A new research paper in Health Affairs suggests that the use of compulsory licenses may not lead to cost savings, when compared with voluntary negotiations.
Compulsory licensing (CL) allows low-income countries to break innovator patents and accelerate cheap alternatives, either produced locally or imported. In some cases the price cuts of CL can be substantial, notably in Thailand, where key medicines dropped to about 10% of the original price.
But researchers (including Amir Attaran a contributor to this site) at Universities of Ottawa and Denver demonstrate that negotiations of companies with foreign governments and multilateral and bilateral donors was more efficient at lowering prices.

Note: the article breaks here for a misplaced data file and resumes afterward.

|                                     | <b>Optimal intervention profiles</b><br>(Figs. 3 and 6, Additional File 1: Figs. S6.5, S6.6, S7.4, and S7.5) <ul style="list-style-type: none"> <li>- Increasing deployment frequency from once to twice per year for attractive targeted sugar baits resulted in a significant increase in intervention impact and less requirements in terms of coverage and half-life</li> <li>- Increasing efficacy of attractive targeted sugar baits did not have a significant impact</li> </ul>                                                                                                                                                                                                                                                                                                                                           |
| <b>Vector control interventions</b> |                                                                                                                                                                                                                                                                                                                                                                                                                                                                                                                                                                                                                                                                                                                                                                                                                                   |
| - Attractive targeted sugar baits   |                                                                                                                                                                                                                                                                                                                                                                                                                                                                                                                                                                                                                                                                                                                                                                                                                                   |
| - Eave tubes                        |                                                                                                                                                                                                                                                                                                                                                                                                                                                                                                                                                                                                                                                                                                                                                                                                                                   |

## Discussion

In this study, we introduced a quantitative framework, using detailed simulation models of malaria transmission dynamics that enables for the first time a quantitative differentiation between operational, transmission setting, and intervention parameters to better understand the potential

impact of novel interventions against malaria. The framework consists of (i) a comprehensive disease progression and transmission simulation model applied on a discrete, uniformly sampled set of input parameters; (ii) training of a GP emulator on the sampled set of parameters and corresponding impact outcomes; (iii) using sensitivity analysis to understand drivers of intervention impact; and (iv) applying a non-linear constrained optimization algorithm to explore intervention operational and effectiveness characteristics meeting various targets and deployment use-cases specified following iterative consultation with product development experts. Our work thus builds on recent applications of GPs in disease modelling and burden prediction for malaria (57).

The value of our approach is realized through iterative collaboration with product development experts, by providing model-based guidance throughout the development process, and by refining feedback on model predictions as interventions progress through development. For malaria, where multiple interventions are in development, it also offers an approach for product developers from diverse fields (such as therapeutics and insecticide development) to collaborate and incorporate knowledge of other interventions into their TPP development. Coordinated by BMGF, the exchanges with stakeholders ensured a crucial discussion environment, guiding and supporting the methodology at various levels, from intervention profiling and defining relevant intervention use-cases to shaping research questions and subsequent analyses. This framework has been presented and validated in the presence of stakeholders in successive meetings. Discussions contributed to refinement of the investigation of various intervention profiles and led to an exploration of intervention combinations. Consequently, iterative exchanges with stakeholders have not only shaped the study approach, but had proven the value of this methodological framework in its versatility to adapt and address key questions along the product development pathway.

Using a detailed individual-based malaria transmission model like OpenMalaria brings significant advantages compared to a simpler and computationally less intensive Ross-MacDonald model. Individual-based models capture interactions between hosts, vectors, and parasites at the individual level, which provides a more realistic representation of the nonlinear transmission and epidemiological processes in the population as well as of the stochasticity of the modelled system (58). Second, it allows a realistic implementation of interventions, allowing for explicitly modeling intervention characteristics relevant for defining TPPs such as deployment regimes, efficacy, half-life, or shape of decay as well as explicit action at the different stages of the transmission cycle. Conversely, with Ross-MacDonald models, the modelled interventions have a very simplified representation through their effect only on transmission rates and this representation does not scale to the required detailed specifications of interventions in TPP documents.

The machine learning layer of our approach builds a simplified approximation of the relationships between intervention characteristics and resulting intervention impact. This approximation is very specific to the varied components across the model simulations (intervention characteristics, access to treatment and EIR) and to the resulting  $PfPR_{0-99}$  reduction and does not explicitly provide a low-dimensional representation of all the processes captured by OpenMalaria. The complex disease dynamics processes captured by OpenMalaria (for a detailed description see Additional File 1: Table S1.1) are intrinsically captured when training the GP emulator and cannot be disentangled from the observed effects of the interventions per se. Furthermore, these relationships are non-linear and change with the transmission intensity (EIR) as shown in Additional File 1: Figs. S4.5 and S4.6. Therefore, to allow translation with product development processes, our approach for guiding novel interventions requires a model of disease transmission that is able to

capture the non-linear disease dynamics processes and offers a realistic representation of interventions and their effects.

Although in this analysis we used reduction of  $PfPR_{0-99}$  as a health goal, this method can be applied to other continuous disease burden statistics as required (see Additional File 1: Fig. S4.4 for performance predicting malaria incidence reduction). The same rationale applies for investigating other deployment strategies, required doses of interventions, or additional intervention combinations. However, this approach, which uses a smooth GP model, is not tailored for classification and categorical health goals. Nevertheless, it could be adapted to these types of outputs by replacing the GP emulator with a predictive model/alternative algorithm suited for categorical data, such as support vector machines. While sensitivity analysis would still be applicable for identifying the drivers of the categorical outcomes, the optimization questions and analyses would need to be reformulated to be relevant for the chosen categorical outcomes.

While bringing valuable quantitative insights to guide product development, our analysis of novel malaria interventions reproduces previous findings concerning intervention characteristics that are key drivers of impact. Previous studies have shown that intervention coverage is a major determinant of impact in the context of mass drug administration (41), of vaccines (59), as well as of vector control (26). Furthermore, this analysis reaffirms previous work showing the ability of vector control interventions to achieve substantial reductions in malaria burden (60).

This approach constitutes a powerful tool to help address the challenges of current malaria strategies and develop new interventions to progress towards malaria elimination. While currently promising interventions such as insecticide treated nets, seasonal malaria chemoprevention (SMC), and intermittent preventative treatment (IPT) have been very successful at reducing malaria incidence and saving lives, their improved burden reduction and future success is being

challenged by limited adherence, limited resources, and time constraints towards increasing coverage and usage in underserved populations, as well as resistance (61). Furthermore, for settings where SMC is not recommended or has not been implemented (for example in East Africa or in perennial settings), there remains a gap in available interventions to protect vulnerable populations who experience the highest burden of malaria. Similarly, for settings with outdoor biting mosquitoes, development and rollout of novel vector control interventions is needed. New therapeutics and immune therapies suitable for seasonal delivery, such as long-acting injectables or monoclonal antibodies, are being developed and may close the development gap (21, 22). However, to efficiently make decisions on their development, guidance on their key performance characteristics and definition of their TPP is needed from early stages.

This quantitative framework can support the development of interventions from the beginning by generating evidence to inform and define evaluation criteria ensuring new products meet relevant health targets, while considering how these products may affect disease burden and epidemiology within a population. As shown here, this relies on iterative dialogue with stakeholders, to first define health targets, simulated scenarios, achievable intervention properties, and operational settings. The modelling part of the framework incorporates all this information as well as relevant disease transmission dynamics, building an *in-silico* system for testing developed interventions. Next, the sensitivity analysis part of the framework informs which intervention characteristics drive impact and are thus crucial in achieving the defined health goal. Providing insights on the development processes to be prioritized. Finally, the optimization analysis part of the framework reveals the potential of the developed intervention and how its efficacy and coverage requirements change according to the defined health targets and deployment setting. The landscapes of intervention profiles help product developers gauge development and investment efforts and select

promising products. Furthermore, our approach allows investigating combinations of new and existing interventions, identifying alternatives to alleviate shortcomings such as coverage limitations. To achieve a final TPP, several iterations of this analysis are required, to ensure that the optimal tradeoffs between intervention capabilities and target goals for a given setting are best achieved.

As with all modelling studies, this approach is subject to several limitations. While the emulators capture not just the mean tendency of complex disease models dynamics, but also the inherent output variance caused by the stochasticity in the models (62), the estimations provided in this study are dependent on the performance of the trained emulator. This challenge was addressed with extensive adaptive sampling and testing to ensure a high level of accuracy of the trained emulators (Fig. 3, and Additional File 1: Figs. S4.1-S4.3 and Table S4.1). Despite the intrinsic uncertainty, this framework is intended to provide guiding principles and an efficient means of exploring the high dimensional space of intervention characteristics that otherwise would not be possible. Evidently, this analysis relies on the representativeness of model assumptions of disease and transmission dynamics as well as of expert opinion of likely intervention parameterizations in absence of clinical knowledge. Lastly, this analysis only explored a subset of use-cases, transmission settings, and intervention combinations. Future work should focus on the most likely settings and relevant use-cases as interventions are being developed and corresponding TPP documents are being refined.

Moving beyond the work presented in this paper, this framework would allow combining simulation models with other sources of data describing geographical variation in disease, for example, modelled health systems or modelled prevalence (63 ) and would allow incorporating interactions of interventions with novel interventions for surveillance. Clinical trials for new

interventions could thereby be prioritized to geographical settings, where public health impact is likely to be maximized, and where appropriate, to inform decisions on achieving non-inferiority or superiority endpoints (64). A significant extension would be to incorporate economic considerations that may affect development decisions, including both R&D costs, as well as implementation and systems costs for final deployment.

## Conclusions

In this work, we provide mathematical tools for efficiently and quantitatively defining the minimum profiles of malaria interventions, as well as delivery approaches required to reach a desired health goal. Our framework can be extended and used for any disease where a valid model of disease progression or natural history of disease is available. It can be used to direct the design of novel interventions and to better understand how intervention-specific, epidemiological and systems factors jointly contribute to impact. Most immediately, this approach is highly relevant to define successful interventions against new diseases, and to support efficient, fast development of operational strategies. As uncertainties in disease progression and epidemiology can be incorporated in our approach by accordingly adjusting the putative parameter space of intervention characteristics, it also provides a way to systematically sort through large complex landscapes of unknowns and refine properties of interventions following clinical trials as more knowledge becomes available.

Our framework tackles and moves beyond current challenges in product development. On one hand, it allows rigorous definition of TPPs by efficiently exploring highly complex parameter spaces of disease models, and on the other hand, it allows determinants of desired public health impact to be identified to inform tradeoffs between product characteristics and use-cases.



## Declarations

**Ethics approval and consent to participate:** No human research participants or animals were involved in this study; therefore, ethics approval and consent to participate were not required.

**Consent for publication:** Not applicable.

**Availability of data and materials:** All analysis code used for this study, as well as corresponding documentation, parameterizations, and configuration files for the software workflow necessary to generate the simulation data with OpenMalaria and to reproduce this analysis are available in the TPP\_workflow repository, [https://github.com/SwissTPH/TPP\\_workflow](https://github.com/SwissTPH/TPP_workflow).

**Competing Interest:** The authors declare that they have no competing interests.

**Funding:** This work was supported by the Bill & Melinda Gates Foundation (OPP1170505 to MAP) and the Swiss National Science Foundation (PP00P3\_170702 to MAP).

The paper does not analyze the quality of the drugs actually procured, but it is instructive that in only 2 of 13 cases where CL was used for local production was the price cheaper than would have been delivered by negotiation. And some of the companies, notably in Indonesia and Equador that produced as a result of CL have dubious quality records, according to local experts I spoke with.
Of course, CL remains a legitimate tactic for emerging nations when companies remain intransigent in tiering their prices for lower incomes, but it should always be a last result. The price of drugs will probably be worse, and the quality less likely to be good either.